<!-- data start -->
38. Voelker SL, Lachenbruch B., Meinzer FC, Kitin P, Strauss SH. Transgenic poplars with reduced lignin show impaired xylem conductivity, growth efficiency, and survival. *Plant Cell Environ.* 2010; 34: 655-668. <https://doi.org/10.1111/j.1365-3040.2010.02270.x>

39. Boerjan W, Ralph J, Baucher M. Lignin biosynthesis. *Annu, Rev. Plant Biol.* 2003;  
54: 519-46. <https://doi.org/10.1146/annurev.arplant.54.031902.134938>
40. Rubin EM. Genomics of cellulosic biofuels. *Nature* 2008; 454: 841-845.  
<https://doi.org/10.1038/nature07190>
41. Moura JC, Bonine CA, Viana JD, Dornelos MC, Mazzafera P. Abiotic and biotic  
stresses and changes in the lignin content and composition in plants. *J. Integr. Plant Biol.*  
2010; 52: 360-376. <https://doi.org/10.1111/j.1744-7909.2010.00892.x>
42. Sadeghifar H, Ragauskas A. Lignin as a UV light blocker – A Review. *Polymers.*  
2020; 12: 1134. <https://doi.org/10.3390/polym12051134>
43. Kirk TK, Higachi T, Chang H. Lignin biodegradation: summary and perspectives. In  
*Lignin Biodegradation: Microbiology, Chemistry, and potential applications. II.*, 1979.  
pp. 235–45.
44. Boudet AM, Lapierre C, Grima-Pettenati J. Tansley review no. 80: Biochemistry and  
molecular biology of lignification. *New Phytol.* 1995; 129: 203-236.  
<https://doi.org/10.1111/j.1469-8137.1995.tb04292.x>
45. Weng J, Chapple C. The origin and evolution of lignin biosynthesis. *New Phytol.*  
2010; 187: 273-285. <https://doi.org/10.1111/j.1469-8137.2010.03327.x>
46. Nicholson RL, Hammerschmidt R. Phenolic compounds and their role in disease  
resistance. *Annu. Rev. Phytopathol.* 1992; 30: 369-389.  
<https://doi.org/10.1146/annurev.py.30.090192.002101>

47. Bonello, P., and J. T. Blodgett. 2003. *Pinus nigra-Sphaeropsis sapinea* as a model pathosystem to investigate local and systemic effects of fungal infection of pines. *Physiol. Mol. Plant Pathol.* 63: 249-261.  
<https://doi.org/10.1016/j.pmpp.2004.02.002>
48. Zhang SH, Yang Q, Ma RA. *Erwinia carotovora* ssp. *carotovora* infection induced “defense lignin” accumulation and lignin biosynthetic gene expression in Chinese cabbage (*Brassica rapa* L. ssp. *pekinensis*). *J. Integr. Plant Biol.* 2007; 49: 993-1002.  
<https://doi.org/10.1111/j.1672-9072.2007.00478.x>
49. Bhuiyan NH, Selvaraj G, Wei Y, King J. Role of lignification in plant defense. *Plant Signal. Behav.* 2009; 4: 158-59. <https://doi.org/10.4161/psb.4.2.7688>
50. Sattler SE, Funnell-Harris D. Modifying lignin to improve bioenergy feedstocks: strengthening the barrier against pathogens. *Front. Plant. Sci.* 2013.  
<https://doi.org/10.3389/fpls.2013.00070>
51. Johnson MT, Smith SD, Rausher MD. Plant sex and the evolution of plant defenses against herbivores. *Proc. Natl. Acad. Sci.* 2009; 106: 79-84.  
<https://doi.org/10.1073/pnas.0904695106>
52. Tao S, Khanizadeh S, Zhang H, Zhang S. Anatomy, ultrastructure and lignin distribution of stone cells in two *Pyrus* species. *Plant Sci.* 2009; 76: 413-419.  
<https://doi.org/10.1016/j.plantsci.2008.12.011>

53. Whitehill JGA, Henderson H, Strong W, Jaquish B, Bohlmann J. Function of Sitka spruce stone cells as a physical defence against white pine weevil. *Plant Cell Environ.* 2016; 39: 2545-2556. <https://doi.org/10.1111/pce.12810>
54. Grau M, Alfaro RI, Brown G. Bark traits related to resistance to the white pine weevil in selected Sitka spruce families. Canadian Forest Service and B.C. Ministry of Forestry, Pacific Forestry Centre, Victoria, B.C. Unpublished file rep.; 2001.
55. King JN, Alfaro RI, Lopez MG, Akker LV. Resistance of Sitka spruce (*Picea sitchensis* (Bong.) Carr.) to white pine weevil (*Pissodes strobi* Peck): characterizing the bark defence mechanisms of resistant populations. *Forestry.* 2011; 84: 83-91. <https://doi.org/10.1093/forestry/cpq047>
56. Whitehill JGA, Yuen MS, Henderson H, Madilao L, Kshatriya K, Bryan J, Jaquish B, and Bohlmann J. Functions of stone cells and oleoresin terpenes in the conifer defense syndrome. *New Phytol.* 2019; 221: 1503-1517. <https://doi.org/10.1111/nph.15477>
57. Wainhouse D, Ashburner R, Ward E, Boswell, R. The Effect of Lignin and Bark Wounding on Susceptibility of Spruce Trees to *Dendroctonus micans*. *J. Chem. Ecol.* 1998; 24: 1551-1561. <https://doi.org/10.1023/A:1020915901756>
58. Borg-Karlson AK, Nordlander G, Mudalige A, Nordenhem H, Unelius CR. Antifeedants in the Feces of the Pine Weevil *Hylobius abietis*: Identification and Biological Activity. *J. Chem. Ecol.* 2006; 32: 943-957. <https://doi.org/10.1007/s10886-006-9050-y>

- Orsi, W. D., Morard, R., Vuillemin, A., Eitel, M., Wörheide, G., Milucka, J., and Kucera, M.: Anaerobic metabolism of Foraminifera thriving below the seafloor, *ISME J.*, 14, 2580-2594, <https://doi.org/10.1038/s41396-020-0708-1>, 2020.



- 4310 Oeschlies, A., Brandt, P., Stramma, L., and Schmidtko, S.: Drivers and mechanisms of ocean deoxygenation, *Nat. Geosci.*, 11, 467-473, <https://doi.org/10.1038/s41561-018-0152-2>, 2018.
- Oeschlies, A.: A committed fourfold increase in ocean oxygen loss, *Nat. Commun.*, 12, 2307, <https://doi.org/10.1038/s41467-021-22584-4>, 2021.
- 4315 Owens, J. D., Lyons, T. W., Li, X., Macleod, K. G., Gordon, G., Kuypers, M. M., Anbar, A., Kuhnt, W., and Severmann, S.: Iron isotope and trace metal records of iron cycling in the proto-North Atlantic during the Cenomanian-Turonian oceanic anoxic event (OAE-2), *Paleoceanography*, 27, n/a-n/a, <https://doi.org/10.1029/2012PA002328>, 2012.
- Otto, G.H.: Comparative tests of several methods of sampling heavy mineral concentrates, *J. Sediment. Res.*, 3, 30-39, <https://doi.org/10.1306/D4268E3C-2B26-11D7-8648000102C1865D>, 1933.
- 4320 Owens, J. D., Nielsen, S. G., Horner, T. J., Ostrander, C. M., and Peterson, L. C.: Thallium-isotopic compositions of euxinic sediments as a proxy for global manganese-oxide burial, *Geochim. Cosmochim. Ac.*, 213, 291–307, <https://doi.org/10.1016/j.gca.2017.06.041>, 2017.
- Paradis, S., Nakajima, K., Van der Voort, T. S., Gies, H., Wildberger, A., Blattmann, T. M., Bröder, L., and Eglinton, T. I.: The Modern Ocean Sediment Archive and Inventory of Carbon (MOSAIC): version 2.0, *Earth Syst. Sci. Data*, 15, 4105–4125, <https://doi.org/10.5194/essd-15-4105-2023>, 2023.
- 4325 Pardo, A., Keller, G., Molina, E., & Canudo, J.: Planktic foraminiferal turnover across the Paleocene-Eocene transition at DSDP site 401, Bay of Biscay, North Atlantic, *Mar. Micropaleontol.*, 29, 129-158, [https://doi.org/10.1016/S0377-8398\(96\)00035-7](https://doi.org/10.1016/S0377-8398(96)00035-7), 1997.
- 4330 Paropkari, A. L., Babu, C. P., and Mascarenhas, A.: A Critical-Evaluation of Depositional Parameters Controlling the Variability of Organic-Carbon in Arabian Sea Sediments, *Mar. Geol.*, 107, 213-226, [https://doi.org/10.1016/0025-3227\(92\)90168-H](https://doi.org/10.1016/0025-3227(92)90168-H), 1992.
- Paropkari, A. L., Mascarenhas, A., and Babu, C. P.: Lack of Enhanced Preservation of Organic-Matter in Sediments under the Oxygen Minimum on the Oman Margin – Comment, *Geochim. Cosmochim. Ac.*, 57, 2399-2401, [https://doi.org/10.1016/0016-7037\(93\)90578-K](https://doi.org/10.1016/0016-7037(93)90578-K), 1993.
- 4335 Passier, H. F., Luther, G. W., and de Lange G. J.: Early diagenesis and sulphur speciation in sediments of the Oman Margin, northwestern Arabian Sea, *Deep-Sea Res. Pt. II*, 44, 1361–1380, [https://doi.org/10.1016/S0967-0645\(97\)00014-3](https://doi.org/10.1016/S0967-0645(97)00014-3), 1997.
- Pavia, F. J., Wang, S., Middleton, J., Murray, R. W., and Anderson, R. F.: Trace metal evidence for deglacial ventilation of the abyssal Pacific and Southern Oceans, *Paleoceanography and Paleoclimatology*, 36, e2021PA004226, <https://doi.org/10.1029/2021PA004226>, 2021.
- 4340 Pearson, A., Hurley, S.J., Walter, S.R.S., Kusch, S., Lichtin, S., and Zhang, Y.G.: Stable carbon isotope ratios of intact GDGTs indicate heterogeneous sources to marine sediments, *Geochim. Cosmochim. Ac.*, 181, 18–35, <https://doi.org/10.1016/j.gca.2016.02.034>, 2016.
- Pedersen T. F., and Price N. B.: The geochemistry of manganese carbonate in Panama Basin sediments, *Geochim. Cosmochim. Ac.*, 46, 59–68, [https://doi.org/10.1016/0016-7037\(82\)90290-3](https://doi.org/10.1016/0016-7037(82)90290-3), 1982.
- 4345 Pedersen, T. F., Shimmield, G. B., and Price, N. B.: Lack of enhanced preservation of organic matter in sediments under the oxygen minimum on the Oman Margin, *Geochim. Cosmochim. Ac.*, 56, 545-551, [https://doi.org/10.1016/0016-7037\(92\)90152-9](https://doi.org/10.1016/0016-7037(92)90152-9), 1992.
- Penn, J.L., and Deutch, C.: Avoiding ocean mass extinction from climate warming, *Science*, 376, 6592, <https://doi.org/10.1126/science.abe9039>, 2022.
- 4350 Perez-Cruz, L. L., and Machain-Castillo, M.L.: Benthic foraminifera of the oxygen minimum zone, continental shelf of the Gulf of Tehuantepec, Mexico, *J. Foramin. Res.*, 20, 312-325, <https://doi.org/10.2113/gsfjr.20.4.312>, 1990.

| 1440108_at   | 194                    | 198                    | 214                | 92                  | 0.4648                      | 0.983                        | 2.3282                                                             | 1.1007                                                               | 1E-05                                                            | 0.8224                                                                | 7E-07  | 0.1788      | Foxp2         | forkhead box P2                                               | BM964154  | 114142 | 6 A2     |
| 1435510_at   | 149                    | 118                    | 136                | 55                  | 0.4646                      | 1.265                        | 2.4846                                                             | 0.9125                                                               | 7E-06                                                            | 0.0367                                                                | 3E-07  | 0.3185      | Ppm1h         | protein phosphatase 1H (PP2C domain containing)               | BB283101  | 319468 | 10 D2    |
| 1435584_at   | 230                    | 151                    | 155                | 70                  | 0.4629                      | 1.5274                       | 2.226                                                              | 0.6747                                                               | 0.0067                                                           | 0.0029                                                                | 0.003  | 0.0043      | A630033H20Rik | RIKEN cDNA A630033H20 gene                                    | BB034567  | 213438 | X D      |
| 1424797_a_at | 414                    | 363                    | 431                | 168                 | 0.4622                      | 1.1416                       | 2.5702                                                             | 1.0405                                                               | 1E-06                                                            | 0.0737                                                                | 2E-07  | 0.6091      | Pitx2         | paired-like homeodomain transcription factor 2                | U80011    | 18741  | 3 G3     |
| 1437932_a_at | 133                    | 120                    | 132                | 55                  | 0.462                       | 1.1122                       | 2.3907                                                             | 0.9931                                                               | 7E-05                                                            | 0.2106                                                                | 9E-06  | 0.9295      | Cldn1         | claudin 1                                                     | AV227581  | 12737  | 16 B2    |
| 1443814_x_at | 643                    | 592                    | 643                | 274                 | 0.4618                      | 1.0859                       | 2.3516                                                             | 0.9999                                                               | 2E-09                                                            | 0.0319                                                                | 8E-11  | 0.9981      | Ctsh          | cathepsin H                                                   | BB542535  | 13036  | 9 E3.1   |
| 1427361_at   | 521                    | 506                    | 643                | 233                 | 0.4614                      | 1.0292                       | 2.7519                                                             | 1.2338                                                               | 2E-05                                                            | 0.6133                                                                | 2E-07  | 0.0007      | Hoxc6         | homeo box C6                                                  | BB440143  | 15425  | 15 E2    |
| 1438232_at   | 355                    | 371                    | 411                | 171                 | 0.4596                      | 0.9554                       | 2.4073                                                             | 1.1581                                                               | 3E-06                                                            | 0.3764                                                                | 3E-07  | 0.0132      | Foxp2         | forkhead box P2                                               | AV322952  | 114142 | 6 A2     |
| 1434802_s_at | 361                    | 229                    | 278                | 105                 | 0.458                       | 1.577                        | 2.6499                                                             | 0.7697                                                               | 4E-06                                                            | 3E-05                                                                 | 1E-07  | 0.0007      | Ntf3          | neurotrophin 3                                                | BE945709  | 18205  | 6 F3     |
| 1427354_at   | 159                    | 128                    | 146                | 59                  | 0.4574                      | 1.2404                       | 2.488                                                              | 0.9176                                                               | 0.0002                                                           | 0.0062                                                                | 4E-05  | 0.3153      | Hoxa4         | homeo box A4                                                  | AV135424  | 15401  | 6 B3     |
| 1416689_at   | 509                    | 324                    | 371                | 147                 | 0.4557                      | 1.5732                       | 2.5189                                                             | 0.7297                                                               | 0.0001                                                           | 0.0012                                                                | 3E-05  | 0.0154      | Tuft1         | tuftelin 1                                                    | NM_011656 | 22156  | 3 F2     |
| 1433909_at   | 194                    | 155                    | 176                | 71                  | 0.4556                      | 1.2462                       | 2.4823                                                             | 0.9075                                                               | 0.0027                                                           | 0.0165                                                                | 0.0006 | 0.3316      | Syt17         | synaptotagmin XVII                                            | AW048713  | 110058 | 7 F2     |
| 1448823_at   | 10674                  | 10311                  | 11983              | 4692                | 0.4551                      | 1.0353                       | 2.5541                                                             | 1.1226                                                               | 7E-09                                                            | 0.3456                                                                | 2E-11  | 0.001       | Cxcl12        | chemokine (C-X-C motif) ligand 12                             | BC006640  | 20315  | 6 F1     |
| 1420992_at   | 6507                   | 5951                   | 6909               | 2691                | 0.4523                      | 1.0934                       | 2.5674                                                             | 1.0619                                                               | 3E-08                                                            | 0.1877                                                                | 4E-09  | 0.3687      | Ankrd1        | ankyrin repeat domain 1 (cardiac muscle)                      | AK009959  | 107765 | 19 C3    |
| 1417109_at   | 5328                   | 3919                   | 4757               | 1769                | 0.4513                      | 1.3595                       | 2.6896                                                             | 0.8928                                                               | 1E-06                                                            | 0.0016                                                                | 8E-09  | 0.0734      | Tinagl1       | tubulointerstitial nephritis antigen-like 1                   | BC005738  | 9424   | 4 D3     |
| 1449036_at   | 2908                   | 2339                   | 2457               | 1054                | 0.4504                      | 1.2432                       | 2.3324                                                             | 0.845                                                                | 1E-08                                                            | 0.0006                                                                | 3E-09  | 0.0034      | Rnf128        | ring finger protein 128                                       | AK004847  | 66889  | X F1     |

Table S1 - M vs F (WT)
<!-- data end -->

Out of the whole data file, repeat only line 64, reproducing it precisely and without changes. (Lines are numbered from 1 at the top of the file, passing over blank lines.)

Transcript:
| 1434802_s_at | 361                    | 229                    | 278                | 105                 | 0.458                       | 1.577                        | 2.6499                                                             | 0.7697                                                               | 4E-06                                                            | 3E-05                                                                 | 1E-07  | 0.0007      | Ntf3          | neurotrophin 3                                                | BE945709  | 18205  | 6 F3     |